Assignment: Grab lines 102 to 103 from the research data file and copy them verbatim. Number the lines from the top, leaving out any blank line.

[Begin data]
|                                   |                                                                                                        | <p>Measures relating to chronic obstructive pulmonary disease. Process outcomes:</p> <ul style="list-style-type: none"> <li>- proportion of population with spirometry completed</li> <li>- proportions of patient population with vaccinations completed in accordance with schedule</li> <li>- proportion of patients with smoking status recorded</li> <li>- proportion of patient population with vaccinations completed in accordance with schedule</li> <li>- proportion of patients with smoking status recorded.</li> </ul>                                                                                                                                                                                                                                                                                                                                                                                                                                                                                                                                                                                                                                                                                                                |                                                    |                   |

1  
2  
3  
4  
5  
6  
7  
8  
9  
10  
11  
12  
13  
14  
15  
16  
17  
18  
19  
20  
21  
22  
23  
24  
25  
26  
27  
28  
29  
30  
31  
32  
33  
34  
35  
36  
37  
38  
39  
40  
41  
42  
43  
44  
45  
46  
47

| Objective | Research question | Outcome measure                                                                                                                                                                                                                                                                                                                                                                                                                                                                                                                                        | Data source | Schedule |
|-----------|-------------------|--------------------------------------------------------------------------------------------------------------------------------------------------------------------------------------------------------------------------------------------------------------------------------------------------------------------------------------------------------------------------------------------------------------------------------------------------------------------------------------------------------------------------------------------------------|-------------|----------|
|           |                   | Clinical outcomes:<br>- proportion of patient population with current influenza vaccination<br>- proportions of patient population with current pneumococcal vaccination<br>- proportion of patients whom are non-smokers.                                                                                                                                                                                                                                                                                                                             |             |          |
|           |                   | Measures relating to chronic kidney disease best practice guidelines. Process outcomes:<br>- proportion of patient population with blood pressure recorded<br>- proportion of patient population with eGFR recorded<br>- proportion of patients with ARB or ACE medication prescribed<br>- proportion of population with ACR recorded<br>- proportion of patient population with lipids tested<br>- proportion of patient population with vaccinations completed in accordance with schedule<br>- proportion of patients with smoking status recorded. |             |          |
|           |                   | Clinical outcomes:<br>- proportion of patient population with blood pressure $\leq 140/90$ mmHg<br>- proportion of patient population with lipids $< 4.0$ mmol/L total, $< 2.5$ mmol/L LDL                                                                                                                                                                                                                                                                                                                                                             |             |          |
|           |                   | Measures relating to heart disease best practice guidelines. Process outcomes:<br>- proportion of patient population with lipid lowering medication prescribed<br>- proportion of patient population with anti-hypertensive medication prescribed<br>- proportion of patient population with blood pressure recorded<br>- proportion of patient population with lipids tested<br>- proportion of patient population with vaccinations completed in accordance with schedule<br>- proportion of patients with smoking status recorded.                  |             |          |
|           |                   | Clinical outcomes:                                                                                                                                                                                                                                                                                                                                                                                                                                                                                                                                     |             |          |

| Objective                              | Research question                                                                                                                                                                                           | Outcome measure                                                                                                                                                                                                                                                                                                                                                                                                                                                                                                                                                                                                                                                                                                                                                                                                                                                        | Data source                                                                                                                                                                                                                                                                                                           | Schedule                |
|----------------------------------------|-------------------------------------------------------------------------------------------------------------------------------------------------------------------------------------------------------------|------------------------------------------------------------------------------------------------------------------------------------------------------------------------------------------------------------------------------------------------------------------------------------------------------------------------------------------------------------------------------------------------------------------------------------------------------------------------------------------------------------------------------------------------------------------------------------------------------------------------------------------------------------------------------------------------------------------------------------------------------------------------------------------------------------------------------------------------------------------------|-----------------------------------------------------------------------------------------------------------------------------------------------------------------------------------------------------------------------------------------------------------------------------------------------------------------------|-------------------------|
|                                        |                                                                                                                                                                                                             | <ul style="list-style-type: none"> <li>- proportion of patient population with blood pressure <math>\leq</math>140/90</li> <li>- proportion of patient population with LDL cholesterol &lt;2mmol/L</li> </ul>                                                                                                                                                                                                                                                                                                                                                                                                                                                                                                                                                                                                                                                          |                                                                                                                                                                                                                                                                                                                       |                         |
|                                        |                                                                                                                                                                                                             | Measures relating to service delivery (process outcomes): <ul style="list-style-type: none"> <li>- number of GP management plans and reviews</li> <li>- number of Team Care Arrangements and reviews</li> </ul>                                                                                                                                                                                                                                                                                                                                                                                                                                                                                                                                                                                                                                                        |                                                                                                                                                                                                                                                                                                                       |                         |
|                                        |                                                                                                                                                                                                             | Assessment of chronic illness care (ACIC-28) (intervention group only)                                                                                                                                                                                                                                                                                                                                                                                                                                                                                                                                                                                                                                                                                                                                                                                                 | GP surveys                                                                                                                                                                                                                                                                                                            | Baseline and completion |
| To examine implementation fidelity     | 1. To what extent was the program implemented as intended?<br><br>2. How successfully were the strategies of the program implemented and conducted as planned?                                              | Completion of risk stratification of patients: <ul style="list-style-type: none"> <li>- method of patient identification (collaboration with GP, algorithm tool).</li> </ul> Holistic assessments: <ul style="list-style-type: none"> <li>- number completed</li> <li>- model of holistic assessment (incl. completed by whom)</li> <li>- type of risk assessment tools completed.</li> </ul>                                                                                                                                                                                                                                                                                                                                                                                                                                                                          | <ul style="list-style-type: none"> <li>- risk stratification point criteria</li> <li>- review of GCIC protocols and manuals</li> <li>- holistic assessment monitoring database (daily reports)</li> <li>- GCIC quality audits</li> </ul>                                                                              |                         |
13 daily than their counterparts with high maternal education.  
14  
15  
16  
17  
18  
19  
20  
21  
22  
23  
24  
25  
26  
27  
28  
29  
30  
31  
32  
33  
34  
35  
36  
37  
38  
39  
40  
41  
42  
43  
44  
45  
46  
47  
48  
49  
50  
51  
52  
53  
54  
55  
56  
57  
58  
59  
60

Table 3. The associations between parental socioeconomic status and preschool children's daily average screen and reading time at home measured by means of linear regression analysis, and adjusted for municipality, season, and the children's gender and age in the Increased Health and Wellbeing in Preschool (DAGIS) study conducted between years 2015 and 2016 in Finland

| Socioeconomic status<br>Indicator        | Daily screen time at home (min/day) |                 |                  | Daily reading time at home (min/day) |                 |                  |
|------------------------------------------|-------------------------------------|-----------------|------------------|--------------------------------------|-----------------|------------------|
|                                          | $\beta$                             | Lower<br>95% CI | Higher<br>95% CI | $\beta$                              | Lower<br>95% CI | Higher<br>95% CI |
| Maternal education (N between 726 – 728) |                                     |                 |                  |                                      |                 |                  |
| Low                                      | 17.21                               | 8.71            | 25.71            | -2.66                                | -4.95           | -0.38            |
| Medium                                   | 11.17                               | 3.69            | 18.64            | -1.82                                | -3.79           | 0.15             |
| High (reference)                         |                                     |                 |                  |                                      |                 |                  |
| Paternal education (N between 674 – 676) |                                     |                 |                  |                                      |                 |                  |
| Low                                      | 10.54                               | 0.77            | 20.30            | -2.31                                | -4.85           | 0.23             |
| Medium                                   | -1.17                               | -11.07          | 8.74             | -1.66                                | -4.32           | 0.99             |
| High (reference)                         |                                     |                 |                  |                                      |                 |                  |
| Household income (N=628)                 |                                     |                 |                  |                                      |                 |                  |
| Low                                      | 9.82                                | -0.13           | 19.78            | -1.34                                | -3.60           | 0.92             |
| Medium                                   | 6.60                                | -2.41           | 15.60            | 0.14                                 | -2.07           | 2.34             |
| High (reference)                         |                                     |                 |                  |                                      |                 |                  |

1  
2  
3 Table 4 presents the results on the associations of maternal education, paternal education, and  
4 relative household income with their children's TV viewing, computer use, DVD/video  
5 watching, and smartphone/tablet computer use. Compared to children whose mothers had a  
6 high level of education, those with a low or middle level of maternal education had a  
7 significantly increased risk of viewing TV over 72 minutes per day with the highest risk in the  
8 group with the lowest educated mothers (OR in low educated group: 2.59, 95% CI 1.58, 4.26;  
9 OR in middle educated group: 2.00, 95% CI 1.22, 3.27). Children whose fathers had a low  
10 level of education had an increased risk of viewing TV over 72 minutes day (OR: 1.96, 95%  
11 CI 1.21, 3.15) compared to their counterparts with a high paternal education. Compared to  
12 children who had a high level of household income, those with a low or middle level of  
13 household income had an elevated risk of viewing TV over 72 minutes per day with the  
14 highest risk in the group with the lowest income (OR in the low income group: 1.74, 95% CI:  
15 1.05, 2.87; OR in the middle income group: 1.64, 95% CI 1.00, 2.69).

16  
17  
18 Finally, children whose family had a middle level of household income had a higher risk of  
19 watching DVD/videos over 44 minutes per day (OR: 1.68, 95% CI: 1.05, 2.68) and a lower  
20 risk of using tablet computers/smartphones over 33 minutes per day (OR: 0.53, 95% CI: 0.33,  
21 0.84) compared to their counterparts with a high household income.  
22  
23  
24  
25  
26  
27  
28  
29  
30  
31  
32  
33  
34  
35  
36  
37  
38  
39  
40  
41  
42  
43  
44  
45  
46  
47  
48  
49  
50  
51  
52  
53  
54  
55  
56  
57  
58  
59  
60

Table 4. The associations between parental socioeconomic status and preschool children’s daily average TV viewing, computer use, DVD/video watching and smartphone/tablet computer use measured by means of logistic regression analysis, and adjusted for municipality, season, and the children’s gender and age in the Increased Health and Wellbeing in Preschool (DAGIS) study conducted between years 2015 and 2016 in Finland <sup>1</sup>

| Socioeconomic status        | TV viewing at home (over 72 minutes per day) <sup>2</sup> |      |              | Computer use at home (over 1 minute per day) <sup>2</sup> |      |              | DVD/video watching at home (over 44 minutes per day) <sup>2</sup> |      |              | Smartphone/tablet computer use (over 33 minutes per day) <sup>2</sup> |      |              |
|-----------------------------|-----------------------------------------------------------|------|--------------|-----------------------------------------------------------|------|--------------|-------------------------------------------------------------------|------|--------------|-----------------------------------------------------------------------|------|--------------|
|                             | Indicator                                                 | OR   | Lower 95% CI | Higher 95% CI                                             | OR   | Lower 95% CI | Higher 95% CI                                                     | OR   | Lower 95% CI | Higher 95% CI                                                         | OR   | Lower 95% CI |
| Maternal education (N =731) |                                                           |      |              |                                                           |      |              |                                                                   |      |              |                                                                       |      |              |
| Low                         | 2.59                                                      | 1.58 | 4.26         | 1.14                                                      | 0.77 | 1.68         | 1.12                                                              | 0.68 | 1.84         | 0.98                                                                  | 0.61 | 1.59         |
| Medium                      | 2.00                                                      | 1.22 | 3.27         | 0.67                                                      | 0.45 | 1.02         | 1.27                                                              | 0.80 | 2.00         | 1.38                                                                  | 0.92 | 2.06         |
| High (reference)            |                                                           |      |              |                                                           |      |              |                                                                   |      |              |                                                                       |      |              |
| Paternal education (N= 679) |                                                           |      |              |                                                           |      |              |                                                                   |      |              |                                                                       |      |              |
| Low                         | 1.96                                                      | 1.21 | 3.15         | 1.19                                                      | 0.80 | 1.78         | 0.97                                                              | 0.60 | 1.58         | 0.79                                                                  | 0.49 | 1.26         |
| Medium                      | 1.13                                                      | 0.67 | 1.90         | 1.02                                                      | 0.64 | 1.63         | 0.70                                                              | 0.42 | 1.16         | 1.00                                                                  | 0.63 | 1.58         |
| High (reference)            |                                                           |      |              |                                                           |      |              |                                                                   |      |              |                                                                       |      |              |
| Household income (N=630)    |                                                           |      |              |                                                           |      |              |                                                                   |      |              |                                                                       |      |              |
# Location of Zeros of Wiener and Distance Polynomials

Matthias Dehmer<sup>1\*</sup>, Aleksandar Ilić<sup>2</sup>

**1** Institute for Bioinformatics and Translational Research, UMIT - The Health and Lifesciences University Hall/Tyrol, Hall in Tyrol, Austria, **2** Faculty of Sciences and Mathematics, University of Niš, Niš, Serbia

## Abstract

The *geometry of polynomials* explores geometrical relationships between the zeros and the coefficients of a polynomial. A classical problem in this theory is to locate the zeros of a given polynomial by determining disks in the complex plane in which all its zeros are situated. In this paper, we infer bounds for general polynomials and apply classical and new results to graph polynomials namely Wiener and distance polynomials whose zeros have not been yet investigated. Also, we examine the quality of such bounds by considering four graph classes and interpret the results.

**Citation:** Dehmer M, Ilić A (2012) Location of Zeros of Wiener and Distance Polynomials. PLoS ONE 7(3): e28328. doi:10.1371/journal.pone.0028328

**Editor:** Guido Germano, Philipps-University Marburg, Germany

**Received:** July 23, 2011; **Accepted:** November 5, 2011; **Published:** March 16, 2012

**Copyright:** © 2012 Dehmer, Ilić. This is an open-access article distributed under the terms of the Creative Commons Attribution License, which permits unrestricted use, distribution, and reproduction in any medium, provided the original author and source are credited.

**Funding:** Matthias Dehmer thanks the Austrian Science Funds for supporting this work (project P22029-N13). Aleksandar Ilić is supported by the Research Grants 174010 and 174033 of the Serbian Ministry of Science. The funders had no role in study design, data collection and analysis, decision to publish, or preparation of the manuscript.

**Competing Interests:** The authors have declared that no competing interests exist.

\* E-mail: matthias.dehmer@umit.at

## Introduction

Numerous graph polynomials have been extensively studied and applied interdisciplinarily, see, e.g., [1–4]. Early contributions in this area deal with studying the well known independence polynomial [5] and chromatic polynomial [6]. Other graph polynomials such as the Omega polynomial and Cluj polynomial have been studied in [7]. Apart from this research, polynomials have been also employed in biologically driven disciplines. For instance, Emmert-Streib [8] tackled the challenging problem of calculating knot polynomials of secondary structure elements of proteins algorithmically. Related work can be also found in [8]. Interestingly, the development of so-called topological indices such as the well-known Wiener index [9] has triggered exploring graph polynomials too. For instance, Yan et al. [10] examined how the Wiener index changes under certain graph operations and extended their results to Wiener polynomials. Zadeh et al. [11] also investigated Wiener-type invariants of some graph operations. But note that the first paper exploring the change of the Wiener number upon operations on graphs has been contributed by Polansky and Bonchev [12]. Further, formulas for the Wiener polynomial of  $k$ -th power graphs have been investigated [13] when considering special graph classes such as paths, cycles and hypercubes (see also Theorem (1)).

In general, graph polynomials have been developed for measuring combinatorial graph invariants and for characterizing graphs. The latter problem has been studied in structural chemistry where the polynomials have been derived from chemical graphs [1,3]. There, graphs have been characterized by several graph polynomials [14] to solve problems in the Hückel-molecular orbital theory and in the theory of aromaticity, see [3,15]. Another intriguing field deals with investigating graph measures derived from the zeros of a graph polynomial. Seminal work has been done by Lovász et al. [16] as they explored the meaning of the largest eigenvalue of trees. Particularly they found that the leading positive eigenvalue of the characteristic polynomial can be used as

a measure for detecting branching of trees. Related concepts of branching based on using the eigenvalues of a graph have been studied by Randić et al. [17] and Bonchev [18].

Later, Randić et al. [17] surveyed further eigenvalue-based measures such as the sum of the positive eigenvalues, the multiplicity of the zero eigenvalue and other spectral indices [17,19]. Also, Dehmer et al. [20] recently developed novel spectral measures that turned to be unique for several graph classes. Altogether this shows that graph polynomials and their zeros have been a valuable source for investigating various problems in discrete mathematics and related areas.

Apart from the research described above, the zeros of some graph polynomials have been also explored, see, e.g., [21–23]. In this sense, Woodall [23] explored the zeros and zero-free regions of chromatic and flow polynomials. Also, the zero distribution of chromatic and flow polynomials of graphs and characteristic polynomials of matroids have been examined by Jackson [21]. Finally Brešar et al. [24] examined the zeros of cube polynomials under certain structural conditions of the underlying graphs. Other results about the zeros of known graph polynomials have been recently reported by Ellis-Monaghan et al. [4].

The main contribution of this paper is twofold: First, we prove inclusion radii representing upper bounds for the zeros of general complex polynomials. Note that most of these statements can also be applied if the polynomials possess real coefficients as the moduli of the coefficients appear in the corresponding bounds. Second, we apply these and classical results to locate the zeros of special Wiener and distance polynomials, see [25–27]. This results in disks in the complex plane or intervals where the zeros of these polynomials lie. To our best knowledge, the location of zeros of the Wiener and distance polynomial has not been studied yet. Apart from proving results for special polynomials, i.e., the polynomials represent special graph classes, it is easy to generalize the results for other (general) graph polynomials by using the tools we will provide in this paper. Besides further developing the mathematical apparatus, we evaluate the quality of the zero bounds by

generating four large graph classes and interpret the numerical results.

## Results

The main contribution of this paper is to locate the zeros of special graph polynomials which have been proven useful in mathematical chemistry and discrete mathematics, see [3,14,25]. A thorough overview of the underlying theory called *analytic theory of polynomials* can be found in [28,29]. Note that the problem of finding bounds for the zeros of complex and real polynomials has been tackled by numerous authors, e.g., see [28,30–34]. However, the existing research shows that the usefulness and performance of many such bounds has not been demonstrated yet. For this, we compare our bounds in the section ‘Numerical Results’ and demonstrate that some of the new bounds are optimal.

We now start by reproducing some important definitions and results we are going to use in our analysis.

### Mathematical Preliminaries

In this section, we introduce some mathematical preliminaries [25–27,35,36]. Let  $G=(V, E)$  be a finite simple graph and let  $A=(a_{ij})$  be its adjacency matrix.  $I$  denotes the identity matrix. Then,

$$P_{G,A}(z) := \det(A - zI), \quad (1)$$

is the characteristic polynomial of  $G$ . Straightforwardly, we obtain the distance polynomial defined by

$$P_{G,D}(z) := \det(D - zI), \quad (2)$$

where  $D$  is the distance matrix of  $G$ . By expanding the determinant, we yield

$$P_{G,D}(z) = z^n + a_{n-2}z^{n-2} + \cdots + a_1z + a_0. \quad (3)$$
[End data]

53  
54  